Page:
Insomnia and Interrupted Sleep Leads to Overeating, Under exercising and Weight Gain
Insomnia causes weight gain for many reasons that often go unrecognized by most individuals.
What Is Insomnia & How Does It Cause Weight Gain?
Many people think the term “insomnia” refers to a complete lack of sleep. In truth, insomnia encompasses a host of sleep problems, including:
- Difficulty falling asleep
- Waking up in the middle of the night or non-restful sleep
- Early morning awakening
Don’t Be a Hero: The Negative Effects of Insomnia
Ever heard someone brag that he or she only needs six hours of sleep? While it’s admirable to try to put a positive spin on a negative situation, taking a heroic attitude toward sleeplessness can be bad for your health. Most people need between seven and nine hours of sleep. Getting insufficient sleep can:
- Cause fatigue, irritability, and excessive daytime sleepiness leading to decreased work performance and exacerbate depression and anxiety
- Cause weight gain and make it difficult to lose weight
- Cause elevated blood pressure and can increase the risk of diabetes and heart disease
Weight Gain Due to Insomnia
There are many causes of weight gain due to insomnia. These include:
- Eating in the middle of the night.
- Fatigue the next day preventing even simple exercise,
- Reduced metabolism (most of the metabolism occurs with growth hormone release in the middle of the night with REM sleep.
- Increased eating due to increase in the hormone Grehlin which stimulates the appetite center to encourage eating.
Techniques for Relieving Insomnia Without Medication
Medications can be good for some things. And certainly some natural or herbal sleep products may help you get some rest. But prescription pills for sleeping should be the last thing you try.Unfortunately, some sleep medications can actually make the problem worse:
- Sleep aids frequently disrupt sleep cycles, causing less restorative sleep
- People can become dependent on these meds,
- Tolerance to sleep meds over time, requiring more medication to get the same effect
What Is Sleep Hygiene?
Sleep hygiene is a collection of habits that can help you fall asleep more easily and sleep more deeply.
Sleep Hygiene Do’s:
- Exercise at least 30 minutes per day most days of the week. Restrict vigorous exercise to the morning or afternoon.
- Take a warm bath or shower before bed.
- Make sure your sleep environment is pleasant and relaxing. Your bed should be comfortable, and your room shouldn’t be too hot, too cold, or too bright. If necessary, use earplugs and an eye-mask. Be sure your pillow is comfortable.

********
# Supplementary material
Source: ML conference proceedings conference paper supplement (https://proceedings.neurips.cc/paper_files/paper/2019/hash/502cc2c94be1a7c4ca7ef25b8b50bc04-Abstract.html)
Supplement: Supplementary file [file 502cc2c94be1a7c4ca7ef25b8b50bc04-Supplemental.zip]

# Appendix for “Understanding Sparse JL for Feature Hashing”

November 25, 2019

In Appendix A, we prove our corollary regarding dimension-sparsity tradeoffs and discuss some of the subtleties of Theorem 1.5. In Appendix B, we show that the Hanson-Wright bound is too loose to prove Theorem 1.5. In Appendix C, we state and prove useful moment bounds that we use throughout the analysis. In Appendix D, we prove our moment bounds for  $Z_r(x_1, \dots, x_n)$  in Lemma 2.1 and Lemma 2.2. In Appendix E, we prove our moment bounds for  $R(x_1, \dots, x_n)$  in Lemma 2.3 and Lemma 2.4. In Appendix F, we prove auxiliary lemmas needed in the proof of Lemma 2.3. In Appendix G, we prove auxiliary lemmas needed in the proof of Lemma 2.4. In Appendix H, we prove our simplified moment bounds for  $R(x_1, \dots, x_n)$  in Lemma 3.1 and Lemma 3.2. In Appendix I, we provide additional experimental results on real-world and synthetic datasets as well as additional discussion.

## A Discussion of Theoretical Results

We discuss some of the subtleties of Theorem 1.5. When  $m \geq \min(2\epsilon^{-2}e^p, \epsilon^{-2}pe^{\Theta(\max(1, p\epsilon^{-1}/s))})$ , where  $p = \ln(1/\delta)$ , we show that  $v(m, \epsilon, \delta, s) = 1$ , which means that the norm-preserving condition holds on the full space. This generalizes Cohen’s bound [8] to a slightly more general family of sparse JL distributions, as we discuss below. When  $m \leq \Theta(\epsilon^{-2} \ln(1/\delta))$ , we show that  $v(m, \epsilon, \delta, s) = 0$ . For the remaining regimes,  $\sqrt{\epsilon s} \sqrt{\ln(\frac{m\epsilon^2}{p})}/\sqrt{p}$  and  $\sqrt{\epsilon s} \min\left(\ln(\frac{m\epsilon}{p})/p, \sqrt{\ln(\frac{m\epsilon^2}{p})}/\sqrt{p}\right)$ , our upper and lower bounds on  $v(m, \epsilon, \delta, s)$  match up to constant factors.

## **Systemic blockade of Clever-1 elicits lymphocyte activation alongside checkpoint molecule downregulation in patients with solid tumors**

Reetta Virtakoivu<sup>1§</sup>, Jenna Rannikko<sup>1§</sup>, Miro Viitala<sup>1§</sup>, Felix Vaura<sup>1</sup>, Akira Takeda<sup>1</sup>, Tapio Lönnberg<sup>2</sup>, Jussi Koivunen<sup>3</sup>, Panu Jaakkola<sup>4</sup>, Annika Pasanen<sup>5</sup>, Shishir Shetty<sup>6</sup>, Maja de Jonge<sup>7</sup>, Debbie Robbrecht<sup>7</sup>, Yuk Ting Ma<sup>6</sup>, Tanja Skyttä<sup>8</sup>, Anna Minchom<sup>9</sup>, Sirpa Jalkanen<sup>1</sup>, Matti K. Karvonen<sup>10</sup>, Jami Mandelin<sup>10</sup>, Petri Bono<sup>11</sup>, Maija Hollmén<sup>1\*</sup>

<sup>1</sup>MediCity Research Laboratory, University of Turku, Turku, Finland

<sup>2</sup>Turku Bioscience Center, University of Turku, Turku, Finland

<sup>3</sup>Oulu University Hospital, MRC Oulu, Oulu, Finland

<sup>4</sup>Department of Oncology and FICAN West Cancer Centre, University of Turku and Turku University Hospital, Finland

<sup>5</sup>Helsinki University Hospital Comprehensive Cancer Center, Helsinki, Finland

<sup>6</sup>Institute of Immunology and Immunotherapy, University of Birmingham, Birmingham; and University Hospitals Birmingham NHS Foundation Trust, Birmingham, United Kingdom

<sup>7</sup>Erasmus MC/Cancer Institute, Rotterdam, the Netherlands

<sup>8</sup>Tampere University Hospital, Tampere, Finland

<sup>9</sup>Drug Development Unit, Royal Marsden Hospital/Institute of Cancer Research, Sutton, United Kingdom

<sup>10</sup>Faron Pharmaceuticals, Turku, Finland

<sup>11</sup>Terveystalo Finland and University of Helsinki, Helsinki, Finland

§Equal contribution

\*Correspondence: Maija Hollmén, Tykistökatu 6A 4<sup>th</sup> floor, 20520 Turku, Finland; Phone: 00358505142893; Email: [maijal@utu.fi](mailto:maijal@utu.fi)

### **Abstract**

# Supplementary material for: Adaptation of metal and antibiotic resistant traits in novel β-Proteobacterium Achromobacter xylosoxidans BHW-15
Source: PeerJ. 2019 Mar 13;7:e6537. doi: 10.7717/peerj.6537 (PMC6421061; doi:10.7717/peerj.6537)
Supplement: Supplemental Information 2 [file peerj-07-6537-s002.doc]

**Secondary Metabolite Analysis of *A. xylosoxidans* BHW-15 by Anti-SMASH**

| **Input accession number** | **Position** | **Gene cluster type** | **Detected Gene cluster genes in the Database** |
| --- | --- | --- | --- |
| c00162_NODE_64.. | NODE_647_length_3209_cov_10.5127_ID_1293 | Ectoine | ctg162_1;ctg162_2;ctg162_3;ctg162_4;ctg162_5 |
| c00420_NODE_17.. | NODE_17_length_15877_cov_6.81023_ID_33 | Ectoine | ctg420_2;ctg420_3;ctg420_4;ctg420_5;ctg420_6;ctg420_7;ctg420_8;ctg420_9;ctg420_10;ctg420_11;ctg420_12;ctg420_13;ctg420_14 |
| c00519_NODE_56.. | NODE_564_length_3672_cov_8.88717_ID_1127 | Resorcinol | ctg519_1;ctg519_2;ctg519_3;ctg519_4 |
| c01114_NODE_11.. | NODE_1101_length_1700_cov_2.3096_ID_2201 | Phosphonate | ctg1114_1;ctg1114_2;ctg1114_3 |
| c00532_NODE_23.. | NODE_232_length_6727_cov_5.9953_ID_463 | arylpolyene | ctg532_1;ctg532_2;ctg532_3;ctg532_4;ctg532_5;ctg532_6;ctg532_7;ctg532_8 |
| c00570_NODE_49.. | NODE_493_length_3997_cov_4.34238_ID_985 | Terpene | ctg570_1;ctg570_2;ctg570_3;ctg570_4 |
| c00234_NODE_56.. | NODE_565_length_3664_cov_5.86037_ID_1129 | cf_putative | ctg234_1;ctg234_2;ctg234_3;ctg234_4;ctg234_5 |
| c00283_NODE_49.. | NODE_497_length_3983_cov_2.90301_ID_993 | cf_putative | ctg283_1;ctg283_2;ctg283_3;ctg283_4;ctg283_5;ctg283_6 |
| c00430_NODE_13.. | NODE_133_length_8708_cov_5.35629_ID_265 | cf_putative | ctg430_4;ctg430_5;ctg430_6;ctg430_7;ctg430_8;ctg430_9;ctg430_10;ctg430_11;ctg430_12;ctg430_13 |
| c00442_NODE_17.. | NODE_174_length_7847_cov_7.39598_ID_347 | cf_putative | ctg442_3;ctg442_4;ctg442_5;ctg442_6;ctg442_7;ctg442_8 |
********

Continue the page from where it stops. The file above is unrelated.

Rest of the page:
- Associate your bed with sleep and sex only. Don’t work, eat or watch TV in bed.
- Go to bed when sleepy, and get out of bed if you’re tossing and turning.
- Turn your clock around so you can’t see the time.
- Turn off the alert for texts and emails on your phone.
- If you’re unable to fall asleep after about 20 minutes, leave bed and do something relaxing (like reading); return to bed later, never lay in bed looking at the clock and worrying about feeling bad the next day.
Sleep Hygiene Don’ts:
- Don’t ingest caffeine after noon. This includes coffee, tea, iced tea, energy drinks and soda.
- Don’t have that second glass of wine with dinner. While alcohol is known to speed the onset of sleep, it also disrupts sleep. Don’t take other stimulants close to bedtime, including chocolate, nicotine and certain medications.
- Don’t eat a large, heavy meal within 2 hours of bedtime.
- Don’t watch TV, use the computer or spend long periods on a mobile device before bed. These activities stimulate the brain and make it harder to fall asleep. Another component of good sleep hygiene is preparing for sleep by decreasing our exposure to stimulating content, like TV, social media, and the news, as we get closer to bedtime. Some experts suggest avoiding devices for an hour before bed. When you’re going to bed, you want to do things that are relaxing, like reading a book. You want to gradually transition into sleep; you don’t want your mind to be stimulated.
If Sleep Hygiene Isn’t Enough: Melatonin, Blue Light Glasses & Filters, or Sleeping Pills
- Melatonin Melatonin is a natural hormone made by your body’s pineal located just above the middle of the brain. During the day the pineal is inactive. When the sun goes down and darkness occurs, the pineal is “turned on” and begins to actively produce melatonin, which is released into the blood. Usually, this occurs around 9 pm. As a result, melatonin levels in the blood rise sharply and you begin to feel less alert. Sleep becomes more inviting. Melatonin levels in the blood stay elevated for about 12 hours – all through the night – before the light of a new day when they fall back to low daytime levels. Melatonin doses: 3-5 mg about 60 minutes before sleep.
- Blue Light Filter Glasses: Your sleeping issues may be caused by the use of smart phones, computers, or tablets at night. If you are unable or unwilling to turn them off 3 hours before sleep, consider using glasses that filter out the blue light from the screens of these devices. That blue light inhibits melatonin release and therefore can keep you awake.
- Prescription Sleep Medications: When all else fails, you might consider taking prescription sleeping medications such AMBIEN (Zolpidem), LUNESTA (Eszopiclone), Sonata (Zaleplon), RESTORIL (Temazepam), or even Klonopin (Clonazepam). All of these medications are FDA approved for short term use.